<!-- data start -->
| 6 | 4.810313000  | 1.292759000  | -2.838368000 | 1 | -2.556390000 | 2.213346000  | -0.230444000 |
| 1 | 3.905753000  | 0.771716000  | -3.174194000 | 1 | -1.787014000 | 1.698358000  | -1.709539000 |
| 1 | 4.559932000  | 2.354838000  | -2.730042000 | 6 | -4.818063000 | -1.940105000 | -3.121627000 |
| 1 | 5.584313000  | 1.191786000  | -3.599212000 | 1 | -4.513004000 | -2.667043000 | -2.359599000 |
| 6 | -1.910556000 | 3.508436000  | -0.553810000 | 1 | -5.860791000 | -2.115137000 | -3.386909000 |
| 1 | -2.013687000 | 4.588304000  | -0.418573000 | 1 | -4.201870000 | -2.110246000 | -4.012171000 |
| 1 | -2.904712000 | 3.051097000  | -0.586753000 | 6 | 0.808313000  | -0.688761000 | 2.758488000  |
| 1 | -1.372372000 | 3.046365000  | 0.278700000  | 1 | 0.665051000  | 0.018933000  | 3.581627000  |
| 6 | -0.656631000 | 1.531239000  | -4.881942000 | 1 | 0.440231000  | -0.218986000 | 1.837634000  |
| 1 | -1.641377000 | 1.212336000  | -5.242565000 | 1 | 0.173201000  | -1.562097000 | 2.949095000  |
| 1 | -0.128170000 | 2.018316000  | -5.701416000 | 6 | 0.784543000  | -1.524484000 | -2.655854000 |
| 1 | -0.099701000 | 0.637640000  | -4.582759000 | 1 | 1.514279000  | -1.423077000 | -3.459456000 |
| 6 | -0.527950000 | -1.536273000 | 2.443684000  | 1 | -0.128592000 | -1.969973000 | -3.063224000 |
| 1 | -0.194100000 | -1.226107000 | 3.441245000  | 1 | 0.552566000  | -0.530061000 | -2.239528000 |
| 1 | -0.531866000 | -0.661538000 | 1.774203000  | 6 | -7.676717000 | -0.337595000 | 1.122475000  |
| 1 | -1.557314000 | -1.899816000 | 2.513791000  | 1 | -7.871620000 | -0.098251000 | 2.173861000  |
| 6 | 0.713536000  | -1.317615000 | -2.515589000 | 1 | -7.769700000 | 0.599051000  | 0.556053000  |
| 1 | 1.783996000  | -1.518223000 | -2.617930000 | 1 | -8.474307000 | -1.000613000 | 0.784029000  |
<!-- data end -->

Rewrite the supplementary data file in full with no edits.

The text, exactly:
| 6 | 4.810313000  | 1.292759000  | -2.838368000 | 1 | -2.556390000 | 2.213346000  | -0.230444000 |
| 1 | 3.905753000  | 0.771716000  | -3.174194000 | 1 | -1.787014000 | 1.698358000  | -1.709539000 |
| 1 | 4.559932000  | 2.354838000  | -2.730042000 | 6 | -4.818063000 | -1.940105000 | -3.121627000 |
| 1 | 5.584313000  | 1.191786000  | -3.599212000 | 1 | -4.513004000 | -2.667043000 | -2.359599000 |
| 6 | -1.910556000 | 3.508436000  | -0.553810000 | 1 | -5.860791000 | -2.115137000 | -3.386909000 |
| 1 | -2.013687000 | 4.588304000  | -0.418573000 | 1 | -4.201870000 | -2.110246000 | -4.012171000 |
| 1 | -2.904712000 | 3.051097000  | -0.586753000 | 6 | 0.808313000  | -0.688761000 | 2.758488000  |
| 1 | -1.372372000 | 3.046365000  | 0.278700000  | 1 | 0.665051000  | 0.018933000  | 3.581627000  |
| 6 | -0.656631000 | 1.531239000  | -4.881942000 | 1 | 0.440231000  | -0.218986000 | 1.837634000  |
| 1 | -1.641377000 | 1.212336000  | -5.242565000 | 1 | 0.173201000  | -1.562097000 | 2.949095000  |
| 1 | -0.128170000 | 2.018316000  | -5.701416000 | 6 | 0.784543000  | -1.524484000 | -2.655854000 |
| 1 | -0.099701000 | 0.637640000  | -4.582759000 | 1 | 1.514279000  | -1.423077000 | -3.459456000 |
| 6 | -0.527950000 | -1.536273000 | 2.443684000  | 1 | -0.128592000 | -1.969973000 | -3.063224000 |
| 1 | -0.194100000 | -1.226107000 | 3.441245000  | 1 | 0.552566000  | -0.530061000 | -2.239528000 |
| 1 | -0.531866000 | -0.661538000 | 1.774203000  | 6 | -7.676717000 | -0.337595000 | 1.122475000  |
| 1 | -1.557314000 | -1.899816000 | 2.513791000  | 1 | -7.871620000 | -0.098251000 | 2.173861000  |
| 6 | 0.713536000  | -1.317615000 | -2.515589000 | 1 | -7.769700000 | 0.599051000  | 0.556053000  |
| 1 | 1.783996000  | -1.518223000 | -2.617930000 | 1 | -8.474307000 | -1.000613000 | 0.784029000  |